Monday, April 28, 2008

Old, old story

On this day in 1965 the United States sent more than 22,000 troops to the Dominican Republic in order to prevent the establishment of what President Lyndon Johnson described as a 'communist dictatorship'. Utter nonsense of course. The Socialist Standard of June that year explains why:

"In yet another flare-up in the endless round of minor conflicts, the focus of attention swung last month to the Western Hemisphere.

Once again the United States Marines landed in that trouble spot of the centuries; the island of Hispaniola. This time it was the Eastern half of the Dominican Republic; not very long ago the marines were hovering of the coast of Haiti.

President Johnson's statement that

All we are in the Dominican Republic for is to preserve freedom and save those people from conquest.

was rich, even from such a poker-faced operator as the President. As any brief glance at the blood-stained history of Dominica will show, the people there have never had any freedom to lose.

In fact, for most of the time they have been ruled by corrupt and vicious dictatorships with occasional periods of civil war. And if the occupation of a State by the armed forces of a foreign power is not conquest, the the word has changed its meaning.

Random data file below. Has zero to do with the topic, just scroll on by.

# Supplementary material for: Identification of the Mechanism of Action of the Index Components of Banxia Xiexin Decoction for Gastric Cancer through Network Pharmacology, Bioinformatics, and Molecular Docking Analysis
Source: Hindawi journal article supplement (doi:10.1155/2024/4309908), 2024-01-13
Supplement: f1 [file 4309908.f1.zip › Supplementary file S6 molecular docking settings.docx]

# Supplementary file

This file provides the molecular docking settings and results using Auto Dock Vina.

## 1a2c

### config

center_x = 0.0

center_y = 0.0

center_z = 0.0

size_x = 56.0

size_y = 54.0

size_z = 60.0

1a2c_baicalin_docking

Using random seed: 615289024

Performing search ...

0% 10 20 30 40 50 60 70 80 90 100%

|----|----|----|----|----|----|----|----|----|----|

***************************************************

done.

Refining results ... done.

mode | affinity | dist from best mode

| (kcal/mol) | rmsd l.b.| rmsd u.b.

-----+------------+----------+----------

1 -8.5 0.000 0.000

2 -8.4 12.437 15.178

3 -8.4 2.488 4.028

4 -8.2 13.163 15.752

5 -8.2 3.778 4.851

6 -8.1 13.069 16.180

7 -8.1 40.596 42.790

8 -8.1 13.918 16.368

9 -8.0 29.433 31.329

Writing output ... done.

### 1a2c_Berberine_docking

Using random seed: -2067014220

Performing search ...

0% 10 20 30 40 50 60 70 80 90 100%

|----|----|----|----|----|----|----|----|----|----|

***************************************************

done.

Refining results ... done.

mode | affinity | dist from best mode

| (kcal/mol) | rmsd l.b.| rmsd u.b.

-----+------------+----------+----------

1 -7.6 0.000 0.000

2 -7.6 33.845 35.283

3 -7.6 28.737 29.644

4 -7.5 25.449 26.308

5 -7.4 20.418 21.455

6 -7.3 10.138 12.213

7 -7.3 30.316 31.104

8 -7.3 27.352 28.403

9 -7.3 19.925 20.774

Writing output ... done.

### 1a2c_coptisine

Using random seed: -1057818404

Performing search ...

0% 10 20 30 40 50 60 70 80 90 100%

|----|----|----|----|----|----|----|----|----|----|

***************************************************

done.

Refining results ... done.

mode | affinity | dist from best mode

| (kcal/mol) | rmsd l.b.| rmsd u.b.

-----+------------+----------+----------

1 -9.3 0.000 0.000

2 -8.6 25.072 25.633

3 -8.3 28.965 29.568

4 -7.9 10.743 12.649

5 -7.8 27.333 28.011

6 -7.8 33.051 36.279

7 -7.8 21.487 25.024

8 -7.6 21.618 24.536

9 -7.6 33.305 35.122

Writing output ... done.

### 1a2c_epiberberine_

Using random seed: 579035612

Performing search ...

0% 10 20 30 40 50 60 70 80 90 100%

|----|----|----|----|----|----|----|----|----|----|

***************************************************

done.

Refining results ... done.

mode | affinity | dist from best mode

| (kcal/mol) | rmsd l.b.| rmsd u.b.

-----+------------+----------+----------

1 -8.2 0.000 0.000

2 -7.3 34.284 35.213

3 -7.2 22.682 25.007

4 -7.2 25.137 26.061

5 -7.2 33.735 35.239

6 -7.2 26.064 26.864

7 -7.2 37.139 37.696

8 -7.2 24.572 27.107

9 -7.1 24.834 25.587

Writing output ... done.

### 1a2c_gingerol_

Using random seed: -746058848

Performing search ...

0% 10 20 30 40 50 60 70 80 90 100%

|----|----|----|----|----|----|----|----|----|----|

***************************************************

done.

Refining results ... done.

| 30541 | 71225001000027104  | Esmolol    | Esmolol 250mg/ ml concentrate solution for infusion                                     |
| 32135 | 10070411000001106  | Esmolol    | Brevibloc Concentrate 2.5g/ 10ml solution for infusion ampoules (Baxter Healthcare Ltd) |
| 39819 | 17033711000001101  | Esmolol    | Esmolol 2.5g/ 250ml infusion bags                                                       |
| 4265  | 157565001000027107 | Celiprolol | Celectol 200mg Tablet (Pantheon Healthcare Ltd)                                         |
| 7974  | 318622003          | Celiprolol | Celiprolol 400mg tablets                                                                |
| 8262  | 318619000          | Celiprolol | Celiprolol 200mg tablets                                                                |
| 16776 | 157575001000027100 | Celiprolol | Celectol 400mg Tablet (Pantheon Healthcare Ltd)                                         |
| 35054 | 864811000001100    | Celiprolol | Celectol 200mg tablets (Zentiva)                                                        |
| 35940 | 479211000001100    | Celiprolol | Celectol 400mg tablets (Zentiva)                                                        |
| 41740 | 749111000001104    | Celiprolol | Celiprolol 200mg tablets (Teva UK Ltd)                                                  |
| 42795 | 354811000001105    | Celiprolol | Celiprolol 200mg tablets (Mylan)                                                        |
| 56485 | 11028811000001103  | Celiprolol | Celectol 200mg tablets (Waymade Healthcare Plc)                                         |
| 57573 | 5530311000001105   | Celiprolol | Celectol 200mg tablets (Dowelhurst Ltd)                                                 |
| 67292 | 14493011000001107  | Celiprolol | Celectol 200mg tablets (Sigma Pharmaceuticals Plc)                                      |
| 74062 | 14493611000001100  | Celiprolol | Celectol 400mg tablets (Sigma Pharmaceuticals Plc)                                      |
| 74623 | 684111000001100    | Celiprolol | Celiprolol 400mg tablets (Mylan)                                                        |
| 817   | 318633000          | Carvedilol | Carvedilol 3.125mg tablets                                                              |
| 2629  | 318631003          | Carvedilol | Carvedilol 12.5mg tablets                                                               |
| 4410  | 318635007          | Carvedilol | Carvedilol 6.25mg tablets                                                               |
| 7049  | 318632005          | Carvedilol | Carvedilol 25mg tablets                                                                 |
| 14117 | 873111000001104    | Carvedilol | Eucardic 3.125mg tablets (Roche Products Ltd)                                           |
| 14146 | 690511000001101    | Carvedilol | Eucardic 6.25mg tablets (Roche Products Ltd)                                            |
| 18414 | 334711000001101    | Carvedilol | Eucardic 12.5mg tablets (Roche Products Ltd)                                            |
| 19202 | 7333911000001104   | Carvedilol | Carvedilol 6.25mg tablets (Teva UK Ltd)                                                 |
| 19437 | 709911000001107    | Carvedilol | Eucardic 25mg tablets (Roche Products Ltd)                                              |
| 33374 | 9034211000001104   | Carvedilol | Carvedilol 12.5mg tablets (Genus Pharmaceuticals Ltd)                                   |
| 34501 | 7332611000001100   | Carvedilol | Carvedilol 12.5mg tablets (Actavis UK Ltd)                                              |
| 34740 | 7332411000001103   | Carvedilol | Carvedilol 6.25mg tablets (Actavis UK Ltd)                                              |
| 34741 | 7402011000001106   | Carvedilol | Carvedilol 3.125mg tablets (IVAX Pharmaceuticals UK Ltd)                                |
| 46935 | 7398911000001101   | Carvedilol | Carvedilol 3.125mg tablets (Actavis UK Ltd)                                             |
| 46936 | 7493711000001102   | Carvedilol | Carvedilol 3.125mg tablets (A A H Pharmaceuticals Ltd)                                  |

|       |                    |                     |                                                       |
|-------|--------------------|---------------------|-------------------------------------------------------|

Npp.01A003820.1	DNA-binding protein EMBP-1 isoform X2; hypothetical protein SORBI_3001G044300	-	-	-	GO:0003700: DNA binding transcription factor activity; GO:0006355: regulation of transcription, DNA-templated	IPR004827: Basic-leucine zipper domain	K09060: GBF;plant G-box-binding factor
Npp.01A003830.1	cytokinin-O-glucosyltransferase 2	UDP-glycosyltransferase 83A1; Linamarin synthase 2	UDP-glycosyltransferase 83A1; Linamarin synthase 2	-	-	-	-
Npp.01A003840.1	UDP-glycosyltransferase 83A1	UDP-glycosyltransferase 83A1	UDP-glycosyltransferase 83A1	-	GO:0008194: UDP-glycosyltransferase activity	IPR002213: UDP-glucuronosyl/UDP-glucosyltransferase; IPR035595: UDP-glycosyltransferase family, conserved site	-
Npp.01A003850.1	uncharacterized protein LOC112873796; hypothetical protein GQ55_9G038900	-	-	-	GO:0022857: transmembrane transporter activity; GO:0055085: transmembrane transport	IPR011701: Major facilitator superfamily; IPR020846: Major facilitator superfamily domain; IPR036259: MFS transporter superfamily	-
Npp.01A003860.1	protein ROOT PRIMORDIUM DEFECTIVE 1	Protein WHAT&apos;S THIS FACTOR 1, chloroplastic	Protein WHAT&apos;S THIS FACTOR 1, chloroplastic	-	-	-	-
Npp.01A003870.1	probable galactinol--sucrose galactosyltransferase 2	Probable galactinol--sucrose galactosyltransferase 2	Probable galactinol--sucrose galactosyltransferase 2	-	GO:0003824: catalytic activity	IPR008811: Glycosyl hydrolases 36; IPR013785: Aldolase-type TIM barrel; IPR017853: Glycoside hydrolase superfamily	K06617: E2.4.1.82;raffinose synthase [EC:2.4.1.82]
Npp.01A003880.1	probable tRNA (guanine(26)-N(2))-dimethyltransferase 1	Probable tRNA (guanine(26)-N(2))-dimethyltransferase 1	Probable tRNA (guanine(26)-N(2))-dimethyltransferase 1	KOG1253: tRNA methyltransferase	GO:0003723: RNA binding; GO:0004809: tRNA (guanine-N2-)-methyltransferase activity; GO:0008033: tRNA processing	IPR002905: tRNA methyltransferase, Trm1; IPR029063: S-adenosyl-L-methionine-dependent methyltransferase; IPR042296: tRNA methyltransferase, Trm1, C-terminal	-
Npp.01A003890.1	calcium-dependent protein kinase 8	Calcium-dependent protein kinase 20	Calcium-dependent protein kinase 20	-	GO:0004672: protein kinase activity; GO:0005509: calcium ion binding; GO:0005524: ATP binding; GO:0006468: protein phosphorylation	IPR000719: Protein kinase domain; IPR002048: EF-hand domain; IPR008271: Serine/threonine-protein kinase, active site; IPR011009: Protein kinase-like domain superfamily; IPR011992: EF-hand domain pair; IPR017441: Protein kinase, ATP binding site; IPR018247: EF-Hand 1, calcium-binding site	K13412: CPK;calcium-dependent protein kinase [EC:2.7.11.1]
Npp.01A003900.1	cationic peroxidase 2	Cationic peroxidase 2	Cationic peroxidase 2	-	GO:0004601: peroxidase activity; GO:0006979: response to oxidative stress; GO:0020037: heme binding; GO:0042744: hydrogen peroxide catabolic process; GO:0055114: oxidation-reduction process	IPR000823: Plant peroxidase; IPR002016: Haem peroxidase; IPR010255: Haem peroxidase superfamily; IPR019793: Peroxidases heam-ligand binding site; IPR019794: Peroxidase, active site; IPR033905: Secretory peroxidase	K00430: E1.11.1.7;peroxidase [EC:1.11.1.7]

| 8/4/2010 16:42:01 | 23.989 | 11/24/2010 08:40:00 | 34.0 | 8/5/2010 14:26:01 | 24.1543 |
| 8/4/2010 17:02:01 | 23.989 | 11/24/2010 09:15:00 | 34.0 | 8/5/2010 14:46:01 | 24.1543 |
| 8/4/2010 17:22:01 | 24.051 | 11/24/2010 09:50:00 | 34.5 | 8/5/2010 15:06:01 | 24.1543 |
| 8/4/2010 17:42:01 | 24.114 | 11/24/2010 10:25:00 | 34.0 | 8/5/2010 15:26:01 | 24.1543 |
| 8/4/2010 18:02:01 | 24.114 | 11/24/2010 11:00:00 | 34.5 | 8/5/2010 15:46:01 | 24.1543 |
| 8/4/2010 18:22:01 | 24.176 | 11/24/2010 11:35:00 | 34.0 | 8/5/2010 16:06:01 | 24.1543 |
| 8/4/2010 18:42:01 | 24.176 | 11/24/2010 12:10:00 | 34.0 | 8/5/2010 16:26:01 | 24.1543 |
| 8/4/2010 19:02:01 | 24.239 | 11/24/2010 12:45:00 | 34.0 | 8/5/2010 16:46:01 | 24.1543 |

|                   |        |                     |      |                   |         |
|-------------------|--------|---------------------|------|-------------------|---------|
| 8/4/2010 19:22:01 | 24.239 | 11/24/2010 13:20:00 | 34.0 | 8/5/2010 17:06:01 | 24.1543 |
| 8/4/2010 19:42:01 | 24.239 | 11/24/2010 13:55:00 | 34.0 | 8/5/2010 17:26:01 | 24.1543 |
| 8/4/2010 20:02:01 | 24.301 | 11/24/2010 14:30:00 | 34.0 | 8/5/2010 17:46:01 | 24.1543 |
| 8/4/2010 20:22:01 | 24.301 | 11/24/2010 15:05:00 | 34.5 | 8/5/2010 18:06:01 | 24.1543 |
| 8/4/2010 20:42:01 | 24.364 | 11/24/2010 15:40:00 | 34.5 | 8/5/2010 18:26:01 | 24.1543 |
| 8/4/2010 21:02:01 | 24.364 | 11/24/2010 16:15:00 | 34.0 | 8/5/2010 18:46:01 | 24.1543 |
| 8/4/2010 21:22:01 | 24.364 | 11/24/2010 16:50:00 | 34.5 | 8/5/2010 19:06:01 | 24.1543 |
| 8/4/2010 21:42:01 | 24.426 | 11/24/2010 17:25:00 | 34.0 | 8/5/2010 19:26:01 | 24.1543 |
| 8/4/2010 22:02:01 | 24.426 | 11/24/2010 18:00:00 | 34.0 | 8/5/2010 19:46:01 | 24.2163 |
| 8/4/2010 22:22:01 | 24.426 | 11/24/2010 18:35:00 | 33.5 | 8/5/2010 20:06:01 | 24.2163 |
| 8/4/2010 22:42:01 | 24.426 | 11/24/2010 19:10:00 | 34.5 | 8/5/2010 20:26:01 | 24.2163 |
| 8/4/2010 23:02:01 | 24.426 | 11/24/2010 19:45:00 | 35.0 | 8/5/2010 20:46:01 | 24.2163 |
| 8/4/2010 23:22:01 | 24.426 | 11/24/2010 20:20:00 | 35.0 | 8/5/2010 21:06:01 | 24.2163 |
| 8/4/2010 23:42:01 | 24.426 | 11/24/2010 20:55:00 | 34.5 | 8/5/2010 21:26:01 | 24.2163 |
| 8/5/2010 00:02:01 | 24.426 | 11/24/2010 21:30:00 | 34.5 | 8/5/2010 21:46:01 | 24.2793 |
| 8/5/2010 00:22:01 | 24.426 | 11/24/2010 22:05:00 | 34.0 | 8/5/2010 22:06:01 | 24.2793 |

However, almost in the same breath the Americans came out with the real reason - fear of another Cuba. Dominica was in fact Viet-Nam in reverse. The United States has always been extremely touchy about Non-American states having a foot in the American Continent.

The Monroe doctrine of 1823 was proclaimed to prevent this, and the conditions of the modern world, with its nuclear weapons and its long range missiles, makes the idea of a possible Russian base so near home particularly unattractive.

Whether or not there were actually any so-called Communists in Dominica, is unimportant the possibility was enough. Russia and China made all the expected noises, and the usual moves in the United Nations, but obviously did not intend to risk a major war over a possible minor gain.

There was however a further complication for the USA, - namely the Latin American States with their fears and suspicions of their gigantic neighbor. In the 19th Century the United States could afford to treat South and Central America with contempt, but today they prefer to have amicable relations with them.

They have, over the last 30 years, devoted much energy to their "good neighbour" policies and to the Organisation of American States (OAS).

If the situation really demands it, and American Capitalism is threatened, Washington is quite prepared to go ahead and damn the consequences. Dominica, luckily, was not that serious, which saved all that good neighbourliness from going up in nuclear dust."

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